Sad, angry, worried, unhappy and want to cry – these are just some of the words used by our local young people when asked how litter and fly-tipping in the Belfast Hills makes them feel.
For too long our beautiful Belfast Hills have suffered from the blight of a few thoughtless people who use this wonderful natural asset of Belfast as a personal dumping ground. Whether ditching their take-away and drinks bottles out the car window, or larger scale dumping of rubbish (often referred to as fly-tipping), the effect on the local countryside, wildlife and community is devastating.
All too often fly-tipping is seen as a victimless crime, but they fail to see the impact it has on local wildlife and local people. It can destroy the homes of our already scarce native animals, local landowners are often forced to pay hundreds of pounds to remove waste dumped on their land (which at times prevents them from accessing and feeding their animals), not to mention the negative mental health impact of the constant presence of litter and fly-tipping on the locals who live in these areas.
The Belfast Hills Partnership has been working with some of the affected local communities to help battle this ongoing problem. Since August 2021 the Partnership has installed a number of surveillance cameras in well known fly-tipping hotspots across the Belfast Hills. Over this time they have obtained footage of over 20 incidents of people fly-tipping. This footage has been passed onto the relevant local councils with a view to prosecuting these individuals.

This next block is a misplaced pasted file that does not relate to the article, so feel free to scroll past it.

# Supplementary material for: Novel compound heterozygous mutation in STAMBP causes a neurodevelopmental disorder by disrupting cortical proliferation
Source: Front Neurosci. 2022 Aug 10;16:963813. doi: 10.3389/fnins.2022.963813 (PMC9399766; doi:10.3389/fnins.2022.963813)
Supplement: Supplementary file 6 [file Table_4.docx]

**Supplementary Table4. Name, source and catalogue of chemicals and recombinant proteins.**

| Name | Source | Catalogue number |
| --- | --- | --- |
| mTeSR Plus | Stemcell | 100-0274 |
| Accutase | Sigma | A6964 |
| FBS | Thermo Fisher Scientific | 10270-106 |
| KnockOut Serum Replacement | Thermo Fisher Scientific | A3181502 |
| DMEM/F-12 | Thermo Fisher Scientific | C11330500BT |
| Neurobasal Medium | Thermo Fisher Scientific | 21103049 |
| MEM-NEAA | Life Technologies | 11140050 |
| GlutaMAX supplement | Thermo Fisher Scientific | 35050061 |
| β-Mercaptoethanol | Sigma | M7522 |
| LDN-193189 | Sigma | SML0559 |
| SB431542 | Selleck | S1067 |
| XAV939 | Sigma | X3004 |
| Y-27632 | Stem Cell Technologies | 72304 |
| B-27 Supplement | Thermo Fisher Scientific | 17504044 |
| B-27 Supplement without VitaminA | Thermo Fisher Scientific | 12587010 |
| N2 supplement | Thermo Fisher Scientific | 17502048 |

Belfast Hills Partnership Environmental Engagement Officer Laura Shiels has been working with local primary schools and youth groups on the edges of the Belfast Hills to talk about the problem of litter and fly-tipping. Their responses have been made into a short film where they speak out and challenge those who do this, calling them lazy, that these individuals just don’t care, they are bad to nature and think that no one will notice “but we notice”. As one child rightly put it “they should have dumped it in the dump”.
Laura said “It has been really encouraging getting to meet so many local kids who really care about
looking after our local wildlife and want other people to care as well. They want to be able to enjoy the Hills, not see them constantly dumped on! We hope that by sharing what our young people have to say that those who litter and dump will think twice about their actions and consider the impact they are having on the local community”.
The Belfast Hills Partnership has also designed and created a number of signs warning people that they might be captured on CCTV dumping, while also reminding them that this is a home to nature. Evidence suggests that this signage is making people think again about dumping their rubbish in these areas, with less rubbish being dumped and more local residents asking for signs to be placed near them too. It is however difficult to know if we have helped stop this thoughtless behaviour, or simply moved the problem on elsewhere. The wonderful volunteers at the Belfast Hills Partnership have also been helping remove dumped rubbish from various fields around the hills.
Noel Rice Wildlife Connections Officer with the Belfast Hills Partnership has been leading much of this work with the local communities. Noel said “We’ve been working with local Councils to try to deter fly-tipping. Local residents, who bear the brunt of this anti-social behaviour, have welcomed our interventions. They’ve told us that the presence of signage, warning about the possibility of CCTV monitoring, whilst not eliminating fly-tipping, has definitely reduced the amount of incidents.”
Please join our kids in speaking out to keep the Belfast Hills beautiful by liking and sharing our anti-fly-tipping film on social media. Thank you.